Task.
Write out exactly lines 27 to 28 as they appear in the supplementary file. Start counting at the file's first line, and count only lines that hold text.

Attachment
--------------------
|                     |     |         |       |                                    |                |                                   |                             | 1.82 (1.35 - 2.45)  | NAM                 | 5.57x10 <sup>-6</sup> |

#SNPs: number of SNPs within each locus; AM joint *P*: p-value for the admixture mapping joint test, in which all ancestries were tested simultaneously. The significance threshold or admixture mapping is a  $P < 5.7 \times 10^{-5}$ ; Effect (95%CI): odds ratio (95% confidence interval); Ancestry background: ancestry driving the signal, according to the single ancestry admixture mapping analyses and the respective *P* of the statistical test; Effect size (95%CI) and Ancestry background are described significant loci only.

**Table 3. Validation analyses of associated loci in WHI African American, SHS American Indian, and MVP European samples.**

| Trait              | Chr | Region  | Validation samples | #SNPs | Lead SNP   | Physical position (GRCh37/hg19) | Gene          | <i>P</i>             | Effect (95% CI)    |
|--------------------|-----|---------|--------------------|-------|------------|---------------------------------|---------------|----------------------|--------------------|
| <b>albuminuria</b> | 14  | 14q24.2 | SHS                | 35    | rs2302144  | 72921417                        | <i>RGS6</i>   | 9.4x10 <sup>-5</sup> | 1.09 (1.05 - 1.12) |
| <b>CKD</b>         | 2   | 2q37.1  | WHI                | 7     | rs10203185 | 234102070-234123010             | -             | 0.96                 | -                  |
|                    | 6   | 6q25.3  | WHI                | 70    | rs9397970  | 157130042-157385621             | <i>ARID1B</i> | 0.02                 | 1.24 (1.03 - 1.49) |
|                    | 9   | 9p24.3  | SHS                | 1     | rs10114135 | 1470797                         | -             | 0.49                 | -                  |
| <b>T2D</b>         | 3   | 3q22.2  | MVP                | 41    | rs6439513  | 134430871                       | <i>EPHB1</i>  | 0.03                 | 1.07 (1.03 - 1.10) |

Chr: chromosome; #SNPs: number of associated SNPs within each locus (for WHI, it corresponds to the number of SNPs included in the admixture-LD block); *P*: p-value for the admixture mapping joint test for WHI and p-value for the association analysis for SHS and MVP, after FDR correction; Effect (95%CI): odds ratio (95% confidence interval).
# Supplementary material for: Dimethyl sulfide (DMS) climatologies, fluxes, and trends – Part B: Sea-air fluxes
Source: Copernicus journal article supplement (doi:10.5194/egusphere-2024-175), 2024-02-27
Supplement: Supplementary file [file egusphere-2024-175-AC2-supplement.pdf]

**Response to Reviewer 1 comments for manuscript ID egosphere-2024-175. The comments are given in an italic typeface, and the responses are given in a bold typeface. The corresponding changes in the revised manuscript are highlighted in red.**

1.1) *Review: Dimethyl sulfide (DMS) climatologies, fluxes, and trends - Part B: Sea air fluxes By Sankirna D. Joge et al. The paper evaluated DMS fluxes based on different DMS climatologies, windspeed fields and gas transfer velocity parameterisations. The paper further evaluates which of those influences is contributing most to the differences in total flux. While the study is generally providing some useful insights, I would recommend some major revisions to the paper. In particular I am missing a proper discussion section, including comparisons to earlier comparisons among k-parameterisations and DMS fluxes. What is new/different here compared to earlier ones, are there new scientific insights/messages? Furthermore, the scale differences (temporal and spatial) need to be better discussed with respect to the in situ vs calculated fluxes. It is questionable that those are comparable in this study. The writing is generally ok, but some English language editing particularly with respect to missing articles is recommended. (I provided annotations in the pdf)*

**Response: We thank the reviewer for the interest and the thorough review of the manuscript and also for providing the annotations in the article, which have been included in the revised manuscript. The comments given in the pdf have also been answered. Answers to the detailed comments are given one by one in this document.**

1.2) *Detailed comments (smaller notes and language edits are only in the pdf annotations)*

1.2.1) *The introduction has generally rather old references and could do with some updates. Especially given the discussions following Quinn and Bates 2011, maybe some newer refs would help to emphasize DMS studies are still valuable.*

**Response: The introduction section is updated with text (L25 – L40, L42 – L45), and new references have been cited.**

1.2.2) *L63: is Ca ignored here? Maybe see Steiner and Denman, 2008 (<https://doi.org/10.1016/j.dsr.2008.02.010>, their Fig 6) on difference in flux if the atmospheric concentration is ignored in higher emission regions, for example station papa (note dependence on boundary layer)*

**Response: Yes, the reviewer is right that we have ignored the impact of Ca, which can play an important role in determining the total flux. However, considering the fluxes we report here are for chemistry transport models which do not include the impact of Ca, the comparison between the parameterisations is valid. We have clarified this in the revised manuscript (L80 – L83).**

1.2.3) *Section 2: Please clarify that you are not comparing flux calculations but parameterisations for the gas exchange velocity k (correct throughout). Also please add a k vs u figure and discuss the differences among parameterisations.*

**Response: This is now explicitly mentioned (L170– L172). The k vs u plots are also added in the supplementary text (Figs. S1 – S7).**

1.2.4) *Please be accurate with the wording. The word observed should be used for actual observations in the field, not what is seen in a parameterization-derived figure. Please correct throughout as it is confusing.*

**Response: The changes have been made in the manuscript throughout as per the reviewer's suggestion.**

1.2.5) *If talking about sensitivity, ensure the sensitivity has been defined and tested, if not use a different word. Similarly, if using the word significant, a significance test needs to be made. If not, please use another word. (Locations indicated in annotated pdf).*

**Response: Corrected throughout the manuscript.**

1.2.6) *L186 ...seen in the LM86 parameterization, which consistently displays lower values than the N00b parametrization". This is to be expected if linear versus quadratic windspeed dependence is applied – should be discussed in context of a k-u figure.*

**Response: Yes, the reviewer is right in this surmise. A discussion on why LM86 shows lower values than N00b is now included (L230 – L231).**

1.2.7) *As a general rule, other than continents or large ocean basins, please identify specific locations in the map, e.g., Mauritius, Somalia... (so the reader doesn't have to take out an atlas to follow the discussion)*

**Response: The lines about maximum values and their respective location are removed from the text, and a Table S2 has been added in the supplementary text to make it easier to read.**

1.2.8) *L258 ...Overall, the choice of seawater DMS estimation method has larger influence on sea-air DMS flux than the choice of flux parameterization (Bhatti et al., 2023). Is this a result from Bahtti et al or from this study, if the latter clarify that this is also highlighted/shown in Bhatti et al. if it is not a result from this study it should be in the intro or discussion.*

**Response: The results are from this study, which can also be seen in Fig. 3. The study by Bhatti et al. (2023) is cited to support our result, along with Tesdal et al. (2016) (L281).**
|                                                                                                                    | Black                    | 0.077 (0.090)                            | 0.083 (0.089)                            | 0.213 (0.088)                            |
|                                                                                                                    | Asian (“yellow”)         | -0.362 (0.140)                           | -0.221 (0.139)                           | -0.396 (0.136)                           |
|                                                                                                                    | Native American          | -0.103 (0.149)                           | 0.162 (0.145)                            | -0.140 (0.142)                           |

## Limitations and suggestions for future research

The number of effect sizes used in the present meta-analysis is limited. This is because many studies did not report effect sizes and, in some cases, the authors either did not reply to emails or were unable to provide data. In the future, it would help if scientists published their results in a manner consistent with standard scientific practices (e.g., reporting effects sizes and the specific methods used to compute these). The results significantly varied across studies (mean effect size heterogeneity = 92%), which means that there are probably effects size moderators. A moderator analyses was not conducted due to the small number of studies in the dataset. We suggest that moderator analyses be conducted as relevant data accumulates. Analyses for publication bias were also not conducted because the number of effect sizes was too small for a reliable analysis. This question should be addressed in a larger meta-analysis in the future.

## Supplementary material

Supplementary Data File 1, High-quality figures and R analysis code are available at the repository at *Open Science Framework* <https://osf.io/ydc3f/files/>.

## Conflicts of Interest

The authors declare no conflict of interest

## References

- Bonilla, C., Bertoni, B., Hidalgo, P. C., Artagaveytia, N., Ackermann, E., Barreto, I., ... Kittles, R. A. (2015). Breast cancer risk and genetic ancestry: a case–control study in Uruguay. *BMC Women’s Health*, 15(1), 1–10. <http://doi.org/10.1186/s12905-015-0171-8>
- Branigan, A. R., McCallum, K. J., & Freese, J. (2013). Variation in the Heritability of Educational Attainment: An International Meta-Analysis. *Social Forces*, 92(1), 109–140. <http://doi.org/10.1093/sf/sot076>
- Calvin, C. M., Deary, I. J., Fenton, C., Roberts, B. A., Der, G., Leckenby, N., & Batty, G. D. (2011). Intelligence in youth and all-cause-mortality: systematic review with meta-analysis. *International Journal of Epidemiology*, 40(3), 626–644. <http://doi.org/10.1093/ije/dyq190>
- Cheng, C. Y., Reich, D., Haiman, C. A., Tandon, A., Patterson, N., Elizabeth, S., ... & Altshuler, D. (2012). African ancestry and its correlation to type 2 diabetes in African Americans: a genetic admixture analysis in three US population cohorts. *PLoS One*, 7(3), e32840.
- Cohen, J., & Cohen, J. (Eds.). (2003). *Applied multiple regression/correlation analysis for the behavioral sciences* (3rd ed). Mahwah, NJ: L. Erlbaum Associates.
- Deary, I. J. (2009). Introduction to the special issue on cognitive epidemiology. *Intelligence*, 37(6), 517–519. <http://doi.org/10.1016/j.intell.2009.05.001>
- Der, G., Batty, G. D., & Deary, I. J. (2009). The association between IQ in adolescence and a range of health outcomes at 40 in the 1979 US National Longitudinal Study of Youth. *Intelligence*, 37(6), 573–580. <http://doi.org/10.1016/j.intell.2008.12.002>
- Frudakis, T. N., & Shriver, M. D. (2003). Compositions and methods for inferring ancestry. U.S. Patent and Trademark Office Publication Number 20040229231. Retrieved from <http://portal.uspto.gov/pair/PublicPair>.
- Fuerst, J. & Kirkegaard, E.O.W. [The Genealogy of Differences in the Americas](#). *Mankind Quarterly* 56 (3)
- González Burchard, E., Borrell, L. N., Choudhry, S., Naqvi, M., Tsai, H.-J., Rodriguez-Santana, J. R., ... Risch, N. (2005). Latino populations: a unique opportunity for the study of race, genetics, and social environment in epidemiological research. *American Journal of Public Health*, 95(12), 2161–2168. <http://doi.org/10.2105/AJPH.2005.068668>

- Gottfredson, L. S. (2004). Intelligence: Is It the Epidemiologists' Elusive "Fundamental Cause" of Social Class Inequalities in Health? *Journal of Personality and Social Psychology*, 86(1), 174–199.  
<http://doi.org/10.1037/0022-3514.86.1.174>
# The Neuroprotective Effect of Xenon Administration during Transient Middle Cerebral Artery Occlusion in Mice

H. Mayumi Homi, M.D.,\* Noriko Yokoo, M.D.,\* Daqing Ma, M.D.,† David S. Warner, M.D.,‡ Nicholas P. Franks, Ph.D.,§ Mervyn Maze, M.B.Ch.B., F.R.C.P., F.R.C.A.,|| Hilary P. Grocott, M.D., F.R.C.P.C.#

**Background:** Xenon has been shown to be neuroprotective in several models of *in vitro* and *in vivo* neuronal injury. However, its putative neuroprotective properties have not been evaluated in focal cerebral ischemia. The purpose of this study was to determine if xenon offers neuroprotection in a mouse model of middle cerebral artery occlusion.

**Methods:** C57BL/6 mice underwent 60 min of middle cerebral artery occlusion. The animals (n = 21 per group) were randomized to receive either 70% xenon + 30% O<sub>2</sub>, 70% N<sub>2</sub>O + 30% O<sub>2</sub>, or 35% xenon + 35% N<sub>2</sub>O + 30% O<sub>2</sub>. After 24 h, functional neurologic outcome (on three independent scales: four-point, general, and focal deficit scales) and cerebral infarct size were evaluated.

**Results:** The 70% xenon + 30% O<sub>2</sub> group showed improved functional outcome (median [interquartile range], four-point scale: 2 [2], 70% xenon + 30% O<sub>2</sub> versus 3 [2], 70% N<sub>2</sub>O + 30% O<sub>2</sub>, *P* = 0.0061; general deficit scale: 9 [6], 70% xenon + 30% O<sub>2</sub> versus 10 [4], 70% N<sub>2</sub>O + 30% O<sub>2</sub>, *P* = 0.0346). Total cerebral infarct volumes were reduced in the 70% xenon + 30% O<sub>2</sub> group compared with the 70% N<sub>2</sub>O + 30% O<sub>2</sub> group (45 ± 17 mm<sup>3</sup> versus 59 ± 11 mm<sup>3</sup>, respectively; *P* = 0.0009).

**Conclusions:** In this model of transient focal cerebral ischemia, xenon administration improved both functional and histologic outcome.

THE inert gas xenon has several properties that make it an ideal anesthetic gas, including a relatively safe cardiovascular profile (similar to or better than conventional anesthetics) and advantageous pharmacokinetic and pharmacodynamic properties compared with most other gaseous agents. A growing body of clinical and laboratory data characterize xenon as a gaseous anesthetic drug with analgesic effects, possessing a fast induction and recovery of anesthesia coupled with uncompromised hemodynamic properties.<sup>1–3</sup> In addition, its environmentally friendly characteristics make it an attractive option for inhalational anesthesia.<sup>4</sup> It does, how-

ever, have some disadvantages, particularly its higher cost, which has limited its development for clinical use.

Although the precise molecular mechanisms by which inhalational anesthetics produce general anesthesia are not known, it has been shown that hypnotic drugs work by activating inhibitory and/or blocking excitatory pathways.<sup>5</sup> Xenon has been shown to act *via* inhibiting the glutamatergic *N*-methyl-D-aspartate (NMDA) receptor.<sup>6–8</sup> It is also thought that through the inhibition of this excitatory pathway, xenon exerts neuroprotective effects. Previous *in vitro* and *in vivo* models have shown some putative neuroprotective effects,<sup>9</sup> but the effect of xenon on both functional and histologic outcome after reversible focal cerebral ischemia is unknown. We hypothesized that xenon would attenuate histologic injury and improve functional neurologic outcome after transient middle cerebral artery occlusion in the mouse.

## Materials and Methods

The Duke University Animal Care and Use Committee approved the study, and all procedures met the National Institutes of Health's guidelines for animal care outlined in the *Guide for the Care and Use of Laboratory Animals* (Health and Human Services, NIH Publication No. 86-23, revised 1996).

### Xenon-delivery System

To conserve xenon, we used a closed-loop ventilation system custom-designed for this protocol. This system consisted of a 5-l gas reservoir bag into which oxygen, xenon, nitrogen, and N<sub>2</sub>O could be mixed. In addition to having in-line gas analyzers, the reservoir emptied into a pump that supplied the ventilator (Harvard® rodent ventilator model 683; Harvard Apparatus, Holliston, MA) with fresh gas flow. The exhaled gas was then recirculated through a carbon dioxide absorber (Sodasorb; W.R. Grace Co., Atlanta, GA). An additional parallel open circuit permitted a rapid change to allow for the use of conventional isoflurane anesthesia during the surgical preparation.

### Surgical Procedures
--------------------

1.2.5) *If talking about sensitivity, ensure the sensitivity has been defined and tested, if not use a different word. Similarly, if using the word significant, a significance test needs to be made. If not, please use another word. (Locations indicated in annotated pdf).*

**Response: Corrected throughout the manuscript.**